“Clearly I hope that schools will help produce extraordinary people; people who will take an issue by the horns and shake up the world. However, I hope too that those same schools and colleges will help to produce a far greater number of nurses, carers in old people’s homes, loving parents, and supportive friends who recognise that their collective compassionate acts could have a far greater and much longer-lasting effect.”
When young minds are exposed through education to the needs of others in our world, both near and far, we can expect them to become more globally-minded and well-rounded thinkers and feelers. What we may not consider, is how it can help them to actually find their unique place in it.
American writer Frederick Buechner defines vocation as, “the place where your deep gladness and the world’s deep hunger meet.” Instilling a sense of empathy in our students sets them on a path to pursue vocation rather than merely occupation. It reframes the question passed down from generations: “What will you be when you grow up?” to, “What problem do you wish to solve in the future?” When students are free to pursue vocation rather than occupation, they develop a deep sense of purpose in their work and private life and learn to take delight in being generous with the time and talents. More so, developing an empathetic and caring character is also proven to improve health and self-confidence and reduce anxiety; issues many parents are concerned about today.
Opening young eyes to the world
For more than five years, the Swiss humanitarian organisation, Medair, has been partnering with international schools in Switzerland to help educate young minds about the needs of people affected by natural disaster and armed conflict in some of the world’s most isolated and vulnerable places. Based near Lausanne, Medair has been welcomed into international schools, including Zurich International School, St. George’s International School, GEMS World Academy, The International School of Zug and Luzern, La Côte International School and International School of Lausanne to facilitate real-life learning activities that bring world issues right into the classroom.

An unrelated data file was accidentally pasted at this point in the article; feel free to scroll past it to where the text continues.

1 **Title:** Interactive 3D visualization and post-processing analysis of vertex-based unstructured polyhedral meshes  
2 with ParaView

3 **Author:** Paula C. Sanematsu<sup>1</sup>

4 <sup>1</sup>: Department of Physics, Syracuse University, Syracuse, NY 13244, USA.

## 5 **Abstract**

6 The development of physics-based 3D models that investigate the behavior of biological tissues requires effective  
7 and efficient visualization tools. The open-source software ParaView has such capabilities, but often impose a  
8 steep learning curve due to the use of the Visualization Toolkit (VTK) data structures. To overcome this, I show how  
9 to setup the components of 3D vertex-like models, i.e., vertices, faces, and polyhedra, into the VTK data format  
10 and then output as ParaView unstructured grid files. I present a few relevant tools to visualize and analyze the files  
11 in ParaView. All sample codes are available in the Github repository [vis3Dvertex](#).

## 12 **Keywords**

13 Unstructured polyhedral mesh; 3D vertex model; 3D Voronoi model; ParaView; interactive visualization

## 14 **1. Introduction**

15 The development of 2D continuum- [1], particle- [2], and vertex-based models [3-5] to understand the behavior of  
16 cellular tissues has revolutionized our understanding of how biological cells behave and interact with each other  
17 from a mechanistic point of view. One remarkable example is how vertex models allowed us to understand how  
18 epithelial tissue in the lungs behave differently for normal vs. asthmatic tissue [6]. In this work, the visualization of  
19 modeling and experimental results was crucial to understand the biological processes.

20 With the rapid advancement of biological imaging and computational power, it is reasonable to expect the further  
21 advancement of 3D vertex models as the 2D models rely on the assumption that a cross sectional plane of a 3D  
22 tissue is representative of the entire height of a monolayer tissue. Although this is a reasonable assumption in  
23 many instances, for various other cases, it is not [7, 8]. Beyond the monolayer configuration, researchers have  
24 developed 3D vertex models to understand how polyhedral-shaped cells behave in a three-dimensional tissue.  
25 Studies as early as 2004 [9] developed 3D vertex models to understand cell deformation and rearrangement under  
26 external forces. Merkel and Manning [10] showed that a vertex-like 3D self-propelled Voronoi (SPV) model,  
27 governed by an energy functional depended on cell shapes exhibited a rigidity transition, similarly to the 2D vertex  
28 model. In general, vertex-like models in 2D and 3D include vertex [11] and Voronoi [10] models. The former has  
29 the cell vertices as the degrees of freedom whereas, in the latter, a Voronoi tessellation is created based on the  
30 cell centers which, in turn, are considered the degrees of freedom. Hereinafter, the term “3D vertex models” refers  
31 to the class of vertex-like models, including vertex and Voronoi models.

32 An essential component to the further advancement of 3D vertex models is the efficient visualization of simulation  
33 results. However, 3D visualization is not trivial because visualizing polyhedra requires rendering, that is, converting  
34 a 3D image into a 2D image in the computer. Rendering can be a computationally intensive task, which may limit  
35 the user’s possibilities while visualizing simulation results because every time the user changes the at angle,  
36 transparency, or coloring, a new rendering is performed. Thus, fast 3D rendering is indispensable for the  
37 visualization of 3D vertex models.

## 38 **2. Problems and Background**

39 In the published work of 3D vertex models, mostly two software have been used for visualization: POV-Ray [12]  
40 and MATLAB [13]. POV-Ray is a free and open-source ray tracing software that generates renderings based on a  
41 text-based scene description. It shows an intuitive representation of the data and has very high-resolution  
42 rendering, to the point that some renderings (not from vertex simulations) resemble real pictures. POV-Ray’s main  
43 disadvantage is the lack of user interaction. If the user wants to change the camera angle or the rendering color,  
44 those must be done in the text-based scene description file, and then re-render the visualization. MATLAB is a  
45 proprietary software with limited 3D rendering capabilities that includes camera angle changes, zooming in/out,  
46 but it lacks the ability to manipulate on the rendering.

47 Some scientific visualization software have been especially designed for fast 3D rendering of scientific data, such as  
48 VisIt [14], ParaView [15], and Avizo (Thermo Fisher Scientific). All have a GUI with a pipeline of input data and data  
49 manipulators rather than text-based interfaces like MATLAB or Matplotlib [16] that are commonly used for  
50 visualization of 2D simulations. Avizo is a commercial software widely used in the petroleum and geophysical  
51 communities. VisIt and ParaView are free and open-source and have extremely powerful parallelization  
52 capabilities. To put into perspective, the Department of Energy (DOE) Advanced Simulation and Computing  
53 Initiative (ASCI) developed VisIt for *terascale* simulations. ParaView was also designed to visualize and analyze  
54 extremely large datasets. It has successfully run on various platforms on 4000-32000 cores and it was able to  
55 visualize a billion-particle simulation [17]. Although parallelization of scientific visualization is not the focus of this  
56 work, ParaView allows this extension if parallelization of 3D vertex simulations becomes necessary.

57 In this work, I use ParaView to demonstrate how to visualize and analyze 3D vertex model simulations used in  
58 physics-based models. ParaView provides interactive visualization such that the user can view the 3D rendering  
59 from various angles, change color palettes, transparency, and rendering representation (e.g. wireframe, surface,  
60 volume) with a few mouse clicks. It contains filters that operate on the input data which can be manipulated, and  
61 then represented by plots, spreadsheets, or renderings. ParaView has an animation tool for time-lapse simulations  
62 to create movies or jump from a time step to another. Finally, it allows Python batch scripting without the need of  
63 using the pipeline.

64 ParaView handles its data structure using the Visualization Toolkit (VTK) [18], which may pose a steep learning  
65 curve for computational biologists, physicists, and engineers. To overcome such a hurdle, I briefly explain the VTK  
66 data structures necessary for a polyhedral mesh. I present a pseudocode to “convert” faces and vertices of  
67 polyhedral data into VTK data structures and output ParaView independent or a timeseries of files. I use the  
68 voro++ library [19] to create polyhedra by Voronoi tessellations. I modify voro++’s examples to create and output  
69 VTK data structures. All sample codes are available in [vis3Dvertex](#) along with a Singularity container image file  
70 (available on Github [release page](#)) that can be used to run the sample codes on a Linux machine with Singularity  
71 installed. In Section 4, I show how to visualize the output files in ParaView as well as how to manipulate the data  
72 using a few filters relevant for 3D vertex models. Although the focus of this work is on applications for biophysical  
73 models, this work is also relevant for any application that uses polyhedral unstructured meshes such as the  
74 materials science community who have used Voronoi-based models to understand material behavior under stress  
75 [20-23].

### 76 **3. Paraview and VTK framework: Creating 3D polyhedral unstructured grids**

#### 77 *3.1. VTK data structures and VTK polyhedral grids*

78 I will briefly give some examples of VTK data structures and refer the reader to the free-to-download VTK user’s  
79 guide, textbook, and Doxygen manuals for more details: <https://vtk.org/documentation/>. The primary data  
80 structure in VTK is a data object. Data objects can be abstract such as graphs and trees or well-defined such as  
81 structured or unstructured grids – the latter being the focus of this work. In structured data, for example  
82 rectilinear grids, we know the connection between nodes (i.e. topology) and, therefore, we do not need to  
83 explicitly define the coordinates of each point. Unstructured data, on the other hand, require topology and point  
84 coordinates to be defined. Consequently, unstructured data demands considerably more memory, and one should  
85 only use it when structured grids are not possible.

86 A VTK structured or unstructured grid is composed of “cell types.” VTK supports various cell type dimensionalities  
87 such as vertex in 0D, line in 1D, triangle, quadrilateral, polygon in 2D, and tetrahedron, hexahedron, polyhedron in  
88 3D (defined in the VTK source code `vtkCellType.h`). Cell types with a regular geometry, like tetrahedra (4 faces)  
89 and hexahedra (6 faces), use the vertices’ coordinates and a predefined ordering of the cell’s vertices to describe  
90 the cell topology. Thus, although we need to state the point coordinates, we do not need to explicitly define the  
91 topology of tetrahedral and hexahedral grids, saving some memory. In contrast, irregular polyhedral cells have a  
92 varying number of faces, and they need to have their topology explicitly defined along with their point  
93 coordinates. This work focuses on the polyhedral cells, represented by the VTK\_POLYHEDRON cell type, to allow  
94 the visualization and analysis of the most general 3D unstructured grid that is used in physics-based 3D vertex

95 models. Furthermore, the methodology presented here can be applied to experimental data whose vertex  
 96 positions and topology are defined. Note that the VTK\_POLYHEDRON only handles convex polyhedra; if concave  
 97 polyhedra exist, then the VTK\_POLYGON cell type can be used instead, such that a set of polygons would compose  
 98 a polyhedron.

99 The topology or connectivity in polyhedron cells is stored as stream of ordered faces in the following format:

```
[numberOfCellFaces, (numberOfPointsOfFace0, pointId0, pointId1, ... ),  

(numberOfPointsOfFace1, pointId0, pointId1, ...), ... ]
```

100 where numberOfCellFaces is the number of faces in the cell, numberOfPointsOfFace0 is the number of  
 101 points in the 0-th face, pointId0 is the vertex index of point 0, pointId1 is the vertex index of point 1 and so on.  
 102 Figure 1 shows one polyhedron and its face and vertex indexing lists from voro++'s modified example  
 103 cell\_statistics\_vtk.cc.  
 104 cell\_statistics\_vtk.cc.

Lorretta Cuff, Medair’s Educational Community and Outreach Officer for French-speaking Switzerland, explains, “Our goal is to encourage students to be more aware and empathetic to the needs of others and take positive action to help through fundraising and awareness raising.
“To achieve this, we offer turn-key programmes ranging from classroom-based activities to student-driven projects from the primary to diploma level. We provide resources for teacher-led sessions and offer classroom visits to schools interested in becoming more involved in a wide range of global topics affecting our world’s poorest and most vulnerable people. These resources help make these topics come to life and help to educate and engage students with social causes.”